A Study of the Flora in Mississippian Rocks of Southwestern Montana
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The Late Mississippian (~330 Ma) was a period of global climate change. During this period southwest Montana was near the equator, and records reveal shoreline deposition along the margin of a foreland basin. The Mississippian plant genera Lepidodendron, Calamites, Lepidophylloides, Cordaites, Lepidophloios, and Trigonocarpus occur in a siltstone unit (Kibbey Formation) near Clark Canyon Reservoir, Montana. Calamites spores were deposited in the Big Sheep Creek section, Montana. Gastropods and bivalves fed on suspended or buried flora also occur with the plant remnants. The results of this study show that Mississippian flora was very primitive and grew in a humid, waterlogged, tropical setting.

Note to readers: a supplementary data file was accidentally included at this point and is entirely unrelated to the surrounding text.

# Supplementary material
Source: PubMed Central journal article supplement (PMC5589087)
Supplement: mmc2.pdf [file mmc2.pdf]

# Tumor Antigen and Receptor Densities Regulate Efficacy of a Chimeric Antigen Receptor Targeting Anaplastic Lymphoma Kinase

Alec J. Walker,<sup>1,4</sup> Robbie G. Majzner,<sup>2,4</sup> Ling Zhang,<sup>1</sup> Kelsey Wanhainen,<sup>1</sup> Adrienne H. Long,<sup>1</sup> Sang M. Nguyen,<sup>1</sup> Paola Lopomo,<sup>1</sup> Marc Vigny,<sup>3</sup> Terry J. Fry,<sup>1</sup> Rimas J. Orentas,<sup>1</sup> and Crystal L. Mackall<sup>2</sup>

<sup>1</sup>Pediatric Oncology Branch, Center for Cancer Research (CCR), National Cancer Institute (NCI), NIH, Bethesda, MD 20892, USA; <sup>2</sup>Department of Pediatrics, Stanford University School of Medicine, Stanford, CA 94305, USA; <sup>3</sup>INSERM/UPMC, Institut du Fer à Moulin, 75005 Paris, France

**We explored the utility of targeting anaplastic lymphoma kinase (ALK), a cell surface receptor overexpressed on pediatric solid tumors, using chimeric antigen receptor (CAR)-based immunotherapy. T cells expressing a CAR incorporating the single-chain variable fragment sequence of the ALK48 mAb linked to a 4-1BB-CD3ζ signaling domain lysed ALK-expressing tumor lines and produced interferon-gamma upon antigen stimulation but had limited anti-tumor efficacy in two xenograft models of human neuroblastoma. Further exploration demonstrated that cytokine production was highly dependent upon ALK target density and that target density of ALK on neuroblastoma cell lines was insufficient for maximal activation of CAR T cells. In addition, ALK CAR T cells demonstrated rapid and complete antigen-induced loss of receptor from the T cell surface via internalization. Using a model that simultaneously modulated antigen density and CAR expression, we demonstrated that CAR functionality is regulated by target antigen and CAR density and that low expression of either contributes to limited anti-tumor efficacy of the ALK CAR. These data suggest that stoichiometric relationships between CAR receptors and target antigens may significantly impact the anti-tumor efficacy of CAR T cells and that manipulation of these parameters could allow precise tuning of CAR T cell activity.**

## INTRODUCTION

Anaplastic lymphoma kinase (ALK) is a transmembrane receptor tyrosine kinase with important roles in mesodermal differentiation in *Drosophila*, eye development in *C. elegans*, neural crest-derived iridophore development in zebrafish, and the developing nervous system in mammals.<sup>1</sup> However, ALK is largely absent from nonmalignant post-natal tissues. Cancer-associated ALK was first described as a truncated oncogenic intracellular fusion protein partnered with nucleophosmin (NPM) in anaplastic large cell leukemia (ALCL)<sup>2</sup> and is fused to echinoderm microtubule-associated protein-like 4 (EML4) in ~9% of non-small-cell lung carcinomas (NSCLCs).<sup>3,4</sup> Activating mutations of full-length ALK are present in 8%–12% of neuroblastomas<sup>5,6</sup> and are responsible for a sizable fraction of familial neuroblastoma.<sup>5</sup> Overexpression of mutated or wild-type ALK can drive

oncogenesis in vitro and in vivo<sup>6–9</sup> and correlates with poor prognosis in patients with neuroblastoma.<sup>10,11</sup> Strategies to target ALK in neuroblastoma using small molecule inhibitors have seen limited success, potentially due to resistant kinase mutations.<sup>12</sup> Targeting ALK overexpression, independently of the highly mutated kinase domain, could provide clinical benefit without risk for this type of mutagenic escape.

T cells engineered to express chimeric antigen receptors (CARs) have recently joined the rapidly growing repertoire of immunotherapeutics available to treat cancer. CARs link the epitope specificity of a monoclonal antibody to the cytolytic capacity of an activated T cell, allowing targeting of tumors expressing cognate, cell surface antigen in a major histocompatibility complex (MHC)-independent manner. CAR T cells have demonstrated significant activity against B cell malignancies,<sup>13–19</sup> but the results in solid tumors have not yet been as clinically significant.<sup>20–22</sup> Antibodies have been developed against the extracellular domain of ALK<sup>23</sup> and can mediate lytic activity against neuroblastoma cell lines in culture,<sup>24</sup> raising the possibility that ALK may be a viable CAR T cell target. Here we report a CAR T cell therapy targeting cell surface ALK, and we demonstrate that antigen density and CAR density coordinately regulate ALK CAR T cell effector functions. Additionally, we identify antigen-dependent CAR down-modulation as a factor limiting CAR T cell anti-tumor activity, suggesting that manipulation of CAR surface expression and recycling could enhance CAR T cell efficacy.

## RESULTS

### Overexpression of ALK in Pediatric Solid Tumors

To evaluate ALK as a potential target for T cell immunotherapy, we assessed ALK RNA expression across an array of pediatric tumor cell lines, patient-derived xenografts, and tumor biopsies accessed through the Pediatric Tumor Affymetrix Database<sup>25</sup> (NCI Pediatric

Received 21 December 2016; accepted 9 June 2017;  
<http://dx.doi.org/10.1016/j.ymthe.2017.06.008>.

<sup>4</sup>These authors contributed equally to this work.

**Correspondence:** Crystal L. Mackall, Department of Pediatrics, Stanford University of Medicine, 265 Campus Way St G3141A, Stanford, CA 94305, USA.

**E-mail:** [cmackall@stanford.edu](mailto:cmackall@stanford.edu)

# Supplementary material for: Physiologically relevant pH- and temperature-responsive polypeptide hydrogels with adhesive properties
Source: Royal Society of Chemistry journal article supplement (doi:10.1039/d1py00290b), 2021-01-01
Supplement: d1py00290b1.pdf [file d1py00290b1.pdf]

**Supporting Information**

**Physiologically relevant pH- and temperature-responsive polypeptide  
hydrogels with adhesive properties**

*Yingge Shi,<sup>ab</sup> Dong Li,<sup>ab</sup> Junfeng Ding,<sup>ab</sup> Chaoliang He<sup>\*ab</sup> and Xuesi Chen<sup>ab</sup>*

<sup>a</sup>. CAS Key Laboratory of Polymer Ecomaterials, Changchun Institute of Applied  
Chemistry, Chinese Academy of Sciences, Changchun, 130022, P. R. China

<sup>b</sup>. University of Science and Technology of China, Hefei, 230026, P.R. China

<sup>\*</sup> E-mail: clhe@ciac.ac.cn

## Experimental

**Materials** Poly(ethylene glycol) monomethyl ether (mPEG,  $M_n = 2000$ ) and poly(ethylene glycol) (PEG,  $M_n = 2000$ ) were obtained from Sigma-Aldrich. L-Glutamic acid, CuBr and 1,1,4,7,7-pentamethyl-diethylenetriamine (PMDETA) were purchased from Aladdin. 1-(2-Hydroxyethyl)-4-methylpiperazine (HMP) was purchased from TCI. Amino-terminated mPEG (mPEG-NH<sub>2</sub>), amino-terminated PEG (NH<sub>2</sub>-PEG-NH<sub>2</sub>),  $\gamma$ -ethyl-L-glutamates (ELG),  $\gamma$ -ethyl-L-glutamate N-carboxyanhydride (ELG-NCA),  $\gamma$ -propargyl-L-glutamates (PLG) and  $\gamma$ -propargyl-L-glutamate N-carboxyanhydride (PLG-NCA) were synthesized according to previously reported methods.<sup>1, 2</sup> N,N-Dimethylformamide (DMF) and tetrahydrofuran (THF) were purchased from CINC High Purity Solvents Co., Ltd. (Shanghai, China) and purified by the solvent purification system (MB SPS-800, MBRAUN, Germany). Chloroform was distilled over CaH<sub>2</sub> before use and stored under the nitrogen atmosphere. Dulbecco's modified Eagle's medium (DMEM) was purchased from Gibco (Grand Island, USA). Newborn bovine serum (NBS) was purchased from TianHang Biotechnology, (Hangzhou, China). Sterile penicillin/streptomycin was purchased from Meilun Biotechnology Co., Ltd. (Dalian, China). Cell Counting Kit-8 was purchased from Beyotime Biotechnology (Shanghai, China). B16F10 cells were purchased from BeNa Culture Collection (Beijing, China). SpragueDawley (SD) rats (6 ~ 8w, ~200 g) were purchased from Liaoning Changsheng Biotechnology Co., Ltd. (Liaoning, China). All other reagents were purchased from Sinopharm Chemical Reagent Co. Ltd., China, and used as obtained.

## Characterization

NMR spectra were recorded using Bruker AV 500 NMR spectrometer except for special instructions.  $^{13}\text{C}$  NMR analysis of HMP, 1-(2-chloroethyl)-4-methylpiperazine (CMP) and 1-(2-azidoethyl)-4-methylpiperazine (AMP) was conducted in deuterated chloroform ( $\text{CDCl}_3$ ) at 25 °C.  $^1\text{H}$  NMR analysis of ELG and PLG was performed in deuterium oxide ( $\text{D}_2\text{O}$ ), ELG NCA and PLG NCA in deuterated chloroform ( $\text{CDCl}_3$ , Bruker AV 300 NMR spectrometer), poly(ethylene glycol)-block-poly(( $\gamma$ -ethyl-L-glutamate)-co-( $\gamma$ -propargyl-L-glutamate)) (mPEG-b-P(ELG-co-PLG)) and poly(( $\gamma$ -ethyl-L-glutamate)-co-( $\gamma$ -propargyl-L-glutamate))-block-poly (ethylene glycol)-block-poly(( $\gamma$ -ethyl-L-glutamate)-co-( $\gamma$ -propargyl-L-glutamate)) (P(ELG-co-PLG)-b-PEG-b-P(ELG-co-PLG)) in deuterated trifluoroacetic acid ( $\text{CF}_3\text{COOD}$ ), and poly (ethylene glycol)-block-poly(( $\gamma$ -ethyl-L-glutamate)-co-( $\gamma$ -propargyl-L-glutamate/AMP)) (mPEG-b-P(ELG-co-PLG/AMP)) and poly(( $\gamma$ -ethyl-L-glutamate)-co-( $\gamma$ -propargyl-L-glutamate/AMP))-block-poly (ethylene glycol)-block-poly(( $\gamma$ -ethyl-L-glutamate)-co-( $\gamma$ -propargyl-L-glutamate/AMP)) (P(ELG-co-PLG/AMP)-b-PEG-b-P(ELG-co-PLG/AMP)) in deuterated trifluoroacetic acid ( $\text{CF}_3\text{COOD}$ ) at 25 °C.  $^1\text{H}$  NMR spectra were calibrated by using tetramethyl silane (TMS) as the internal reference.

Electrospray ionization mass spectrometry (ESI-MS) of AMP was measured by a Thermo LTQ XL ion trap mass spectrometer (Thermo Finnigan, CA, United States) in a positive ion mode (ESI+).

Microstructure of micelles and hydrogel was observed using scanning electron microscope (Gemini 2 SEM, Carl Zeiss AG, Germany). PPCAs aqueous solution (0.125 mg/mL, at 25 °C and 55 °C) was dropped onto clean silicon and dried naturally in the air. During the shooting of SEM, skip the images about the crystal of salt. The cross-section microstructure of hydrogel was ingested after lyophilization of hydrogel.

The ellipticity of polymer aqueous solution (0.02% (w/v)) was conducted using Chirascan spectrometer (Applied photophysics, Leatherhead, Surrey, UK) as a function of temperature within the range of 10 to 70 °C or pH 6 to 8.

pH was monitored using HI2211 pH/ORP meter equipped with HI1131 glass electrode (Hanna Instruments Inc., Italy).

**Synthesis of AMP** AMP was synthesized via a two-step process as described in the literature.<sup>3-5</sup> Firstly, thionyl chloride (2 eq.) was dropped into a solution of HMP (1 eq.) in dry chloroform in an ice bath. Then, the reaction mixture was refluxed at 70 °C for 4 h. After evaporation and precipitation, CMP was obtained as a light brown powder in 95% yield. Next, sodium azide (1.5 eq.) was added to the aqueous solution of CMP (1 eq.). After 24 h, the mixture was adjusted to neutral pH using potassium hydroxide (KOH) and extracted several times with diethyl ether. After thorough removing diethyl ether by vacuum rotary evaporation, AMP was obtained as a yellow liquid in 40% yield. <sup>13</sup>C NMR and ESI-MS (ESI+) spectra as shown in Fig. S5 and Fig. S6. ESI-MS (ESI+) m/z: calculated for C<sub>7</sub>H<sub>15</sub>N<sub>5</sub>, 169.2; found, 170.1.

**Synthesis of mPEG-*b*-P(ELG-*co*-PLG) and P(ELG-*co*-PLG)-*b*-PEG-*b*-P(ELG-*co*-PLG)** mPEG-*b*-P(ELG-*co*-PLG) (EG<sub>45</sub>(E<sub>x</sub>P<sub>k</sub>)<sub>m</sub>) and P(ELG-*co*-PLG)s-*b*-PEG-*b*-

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Unknown author (8/25/2008)
Burger, Tom; Burgess, Van; Jenson, Gary; Bjornson, Roy (1990-06)
Adams, Gary (U. S. Department of Agriculture?, 2007)